In the Court of Queen's Bench, on Tuesday, Mr. Erle, on the part of Earl Fitzhardinge, moved for a rule to show cause why a criminal in- formation should not be filed against the Reverend Henry Cleveland, Rector of Barkstone, in Lincolnshire, for libel. On the 27th of August, a letter appeared in the Morning Herald, signed " Junius," addressed to the Queen, and beginning with a statement that the writer had read the announcement in the Gazette, of newly-made Peers, with pain ; as among the persons named in it was one whom the writer charged with having been guilty of a forcible abduction of a young lady from Clifton, and of having thereby occasioned her death and that of her widowed mother. The letter went on to condemn the elevation of the Peer in strong language. Earl Fitzhardinge, conceiving, from some circum- stances of time and place mentioned in the letter, that he was pointed at, wrote to the editor of the paper, expressing his indignation and de- manding the name of the writer. On the 10th September, he received the letter subjoined, addressed to himself, at Berkeley Castle, and bearing the Grantham post-mark-
" My Lord—Born and bred in infamy, a cold, calculating. debauchee, con- sistent only in crime, and destitute of every semblance of principle, how dare you presume so far upon public forbearance as to express virtuous indignation at the possibility of your fair fame being tarnished by the breath of slander ? My Lord, I know you well; and if your unparalleled effrontery, unrestrained by your modicum of worldly wisdom, betray itself in any farther overt acts, I will hold you up to public scorn as the vilest miscreant that ever breathed. Go and pour out your griefs into the sympathizing bosoms of those high- minded and calumniated compeers, Lords Melbourne, Headford, and Palmer- ston. They will recommend you to be quiet, and rather bear those ills you have, than fly to others you know not of. " September, 7th 1841. Primo-Rams."
This letter bad been traced to the defendant. The rule was granted.
Mr. Thesiger moved, on Thursday, for a new trial in the case of Darbon versus Rosser, on the ground that the damages awarded by the Jury for the breach of promise of marriage were excessive. Lord Denman said, that without intending that the Court should be committed by what should happen upon the present occasion, the Judges thought that the parties should have an opportunity of coming to some agree- ment among themselves, for the purpose of reducing the damages to such an amount as should appear to all to be reasonable. Mr. Thesiger might mention the case again in a week. In the Bail Court, on Wednesday, Mr. James moved for a writ of habeas corpus to bring up the body of Bernard Cavanagh, (the fasting- man,) in order that he might be discharged. He had been committed to Reading Gaol under the section of the Vagrancy Act which was di- rected against persons going about collecting money under false pre- tences; but it could not be said whether Cavanagh's pretence that he had abstained from food for five years and a half was false or not— many persons believed his story. Besides, the commitment did not contain the specific charge on which the prisoner was convicted. Mr. Justice Williams promised to look at the affidavits and the copy of the commitment, and give judgment in a day or two. On Thursday, he recommended Mr. James to take a rale to show cause why a writ of habeas corpus should not issue.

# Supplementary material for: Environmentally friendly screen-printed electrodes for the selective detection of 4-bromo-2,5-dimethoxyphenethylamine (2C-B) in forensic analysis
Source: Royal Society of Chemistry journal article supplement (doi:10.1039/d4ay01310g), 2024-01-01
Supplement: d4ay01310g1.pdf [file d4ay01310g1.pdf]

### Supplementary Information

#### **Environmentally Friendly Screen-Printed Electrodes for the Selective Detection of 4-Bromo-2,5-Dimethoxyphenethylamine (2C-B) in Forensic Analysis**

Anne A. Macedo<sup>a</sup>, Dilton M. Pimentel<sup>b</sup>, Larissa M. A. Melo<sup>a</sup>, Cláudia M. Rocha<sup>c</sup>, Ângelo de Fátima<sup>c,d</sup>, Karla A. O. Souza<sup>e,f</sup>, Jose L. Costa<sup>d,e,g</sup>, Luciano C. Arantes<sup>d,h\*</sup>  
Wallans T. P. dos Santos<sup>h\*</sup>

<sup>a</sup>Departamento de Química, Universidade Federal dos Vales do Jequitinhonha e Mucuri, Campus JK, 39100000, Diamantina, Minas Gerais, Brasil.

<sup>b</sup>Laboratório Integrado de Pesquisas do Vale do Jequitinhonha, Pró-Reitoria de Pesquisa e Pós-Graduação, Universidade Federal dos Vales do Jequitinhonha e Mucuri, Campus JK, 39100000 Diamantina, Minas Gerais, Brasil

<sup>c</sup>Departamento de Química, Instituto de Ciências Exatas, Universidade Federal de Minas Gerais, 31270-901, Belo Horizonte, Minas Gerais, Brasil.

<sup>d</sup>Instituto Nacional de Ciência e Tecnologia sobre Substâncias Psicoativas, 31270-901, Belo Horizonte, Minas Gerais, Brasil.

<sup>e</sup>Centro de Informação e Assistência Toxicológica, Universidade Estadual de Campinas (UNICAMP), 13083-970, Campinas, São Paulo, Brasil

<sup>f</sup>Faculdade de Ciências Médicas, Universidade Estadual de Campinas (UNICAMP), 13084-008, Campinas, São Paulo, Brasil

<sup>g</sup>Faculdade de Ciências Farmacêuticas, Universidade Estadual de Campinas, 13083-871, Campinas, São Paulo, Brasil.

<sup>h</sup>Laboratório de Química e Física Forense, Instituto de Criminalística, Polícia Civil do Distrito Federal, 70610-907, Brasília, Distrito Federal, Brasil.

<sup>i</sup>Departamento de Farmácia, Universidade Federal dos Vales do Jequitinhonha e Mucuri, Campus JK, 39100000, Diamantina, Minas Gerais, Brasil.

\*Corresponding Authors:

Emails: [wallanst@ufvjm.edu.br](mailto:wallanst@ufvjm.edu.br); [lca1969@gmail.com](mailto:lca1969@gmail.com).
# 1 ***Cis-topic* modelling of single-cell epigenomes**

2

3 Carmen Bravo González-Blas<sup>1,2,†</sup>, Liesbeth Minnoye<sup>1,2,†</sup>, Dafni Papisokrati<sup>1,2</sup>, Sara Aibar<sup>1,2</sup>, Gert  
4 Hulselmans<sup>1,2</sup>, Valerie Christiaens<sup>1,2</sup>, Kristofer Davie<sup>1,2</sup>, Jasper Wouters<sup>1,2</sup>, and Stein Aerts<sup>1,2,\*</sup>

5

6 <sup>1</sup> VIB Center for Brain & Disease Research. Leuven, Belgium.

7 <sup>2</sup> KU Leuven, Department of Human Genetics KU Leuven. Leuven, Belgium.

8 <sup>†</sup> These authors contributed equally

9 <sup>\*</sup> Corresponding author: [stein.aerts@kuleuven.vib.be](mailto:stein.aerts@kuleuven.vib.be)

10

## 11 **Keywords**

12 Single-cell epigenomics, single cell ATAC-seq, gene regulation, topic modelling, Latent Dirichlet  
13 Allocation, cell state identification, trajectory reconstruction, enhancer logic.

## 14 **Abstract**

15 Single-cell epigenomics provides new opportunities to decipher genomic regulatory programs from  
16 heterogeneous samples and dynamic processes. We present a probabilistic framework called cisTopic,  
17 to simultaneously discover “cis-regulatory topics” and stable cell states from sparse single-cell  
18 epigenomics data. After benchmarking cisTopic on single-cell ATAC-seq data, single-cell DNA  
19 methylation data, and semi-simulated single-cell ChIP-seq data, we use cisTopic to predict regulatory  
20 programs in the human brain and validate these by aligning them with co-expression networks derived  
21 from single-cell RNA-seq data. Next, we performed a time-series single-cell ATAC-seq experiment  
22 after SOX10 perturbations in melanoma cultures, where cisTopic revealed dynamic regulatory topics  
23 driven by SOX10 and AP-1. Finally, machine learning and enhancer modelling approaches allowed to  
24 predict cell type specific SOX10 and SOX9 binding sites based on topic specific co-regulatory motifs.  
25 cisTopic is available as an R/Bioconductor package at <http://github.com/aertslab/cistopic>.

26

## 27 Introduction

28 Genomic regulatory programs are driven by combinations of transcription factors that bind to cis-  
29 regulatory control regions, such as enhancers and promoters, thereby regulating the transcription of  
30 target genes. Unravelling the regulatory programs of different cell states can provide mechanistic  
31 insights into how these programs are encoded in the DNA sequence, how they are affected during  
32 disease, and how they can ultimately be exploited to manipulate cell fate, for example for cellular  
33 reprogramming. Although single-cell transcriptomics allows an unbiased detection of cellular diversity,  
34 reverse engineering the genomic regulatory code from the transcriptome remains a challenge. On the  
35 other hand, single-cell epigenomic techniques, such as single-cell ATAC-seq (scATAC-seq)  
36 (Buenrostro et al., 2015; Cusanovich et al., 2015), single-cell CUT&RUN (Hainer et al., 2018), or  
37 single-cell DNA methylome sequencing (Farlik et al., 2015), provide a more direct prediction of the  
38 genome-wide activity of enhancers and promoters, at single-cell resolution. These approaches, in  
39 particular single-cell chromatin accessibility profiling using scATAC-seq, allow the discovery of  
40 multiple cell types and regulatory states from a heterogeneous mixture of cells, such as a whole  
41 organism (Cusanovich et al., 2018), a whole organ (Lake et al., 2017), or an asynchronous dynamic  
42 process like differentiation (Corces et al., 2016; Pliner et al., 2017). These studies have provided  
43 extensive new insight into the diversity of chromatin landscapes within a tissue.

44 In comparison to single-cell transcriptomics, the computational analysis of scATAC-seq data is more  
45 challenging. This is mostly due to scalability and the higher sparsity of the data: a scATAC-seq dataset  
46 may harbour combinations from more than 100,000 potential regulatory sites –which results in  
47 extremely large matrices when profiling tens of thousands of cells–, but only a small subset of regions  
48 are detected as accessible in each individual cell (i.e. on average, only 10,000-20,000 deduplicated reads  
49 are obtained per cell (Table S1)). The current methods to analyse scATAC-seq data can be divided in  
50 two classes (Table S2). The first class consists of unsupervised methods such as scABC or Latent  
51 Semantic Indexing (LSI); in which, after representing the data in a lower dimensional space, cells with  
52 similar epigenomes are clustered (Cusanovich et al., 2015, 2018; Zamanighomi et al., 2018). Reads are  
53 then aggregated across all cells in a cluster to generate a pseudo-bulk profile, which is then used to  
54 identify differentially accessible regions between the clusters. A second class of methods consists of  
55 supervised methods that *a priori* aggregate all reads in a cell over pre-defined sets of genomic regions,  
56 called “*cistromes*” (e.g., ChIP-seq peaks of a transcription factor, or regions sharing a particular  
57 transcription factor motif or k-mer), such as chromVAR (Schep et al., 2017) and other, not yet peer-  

At the Sheriff's Court, Red Lion Square, on Monday, a special sit- ting was held for the purpose of executing a writ of extent, sued out at the instance of the Crown, to inquire what property the late Theo- dore Hook was possessed of and entitled to at the time of his death. From the year 1813 till 1818, Mr. Hook held an appointment under Government in Mauritius : at that period a deficiency was discovered in his accounts, the Crown claiming the sum of 12,5851. 14s. 6d. An extent was issued against him; but in 1825 it was superseded upon the petition of himself and his friends. He afterwards became connected with the John Bull newspaper ; and latterly he edited it, receiving a salary of 500/. a year. In 1831, Mr. Hook, being in difficulties, bor- rowed 3,0001. from a Mr. Joel Edwards, and agreed to assign his share to that gentleman by way of security, engaging also to insure his life for 2,0001. A further sum of 1,0001. was afterwards borrowed by Mr. Hook ; and as he failed to perform his engagement of insuring his life, Mr. Edwards did so for him, to the amount of 4,000/. An arrangement was entered into by the two gentlemen for Mr. Edwards to be paid 400/. a year from the John Bull office, towards liquidating bills which Mr. Hook gave him for money advanced. After Mr. Hook's death, Mr. Edwards received the 4,0001. from the insurance-office, which he appropriated towards paying the debt of 8,000/. due to himself, whereas the Crown asserted a priority of claim. The Jury returned a verdict setting forth the facts as they appeared in the evidence, and leaving the parties to contest the matter hereafter in the Court of Exchequer.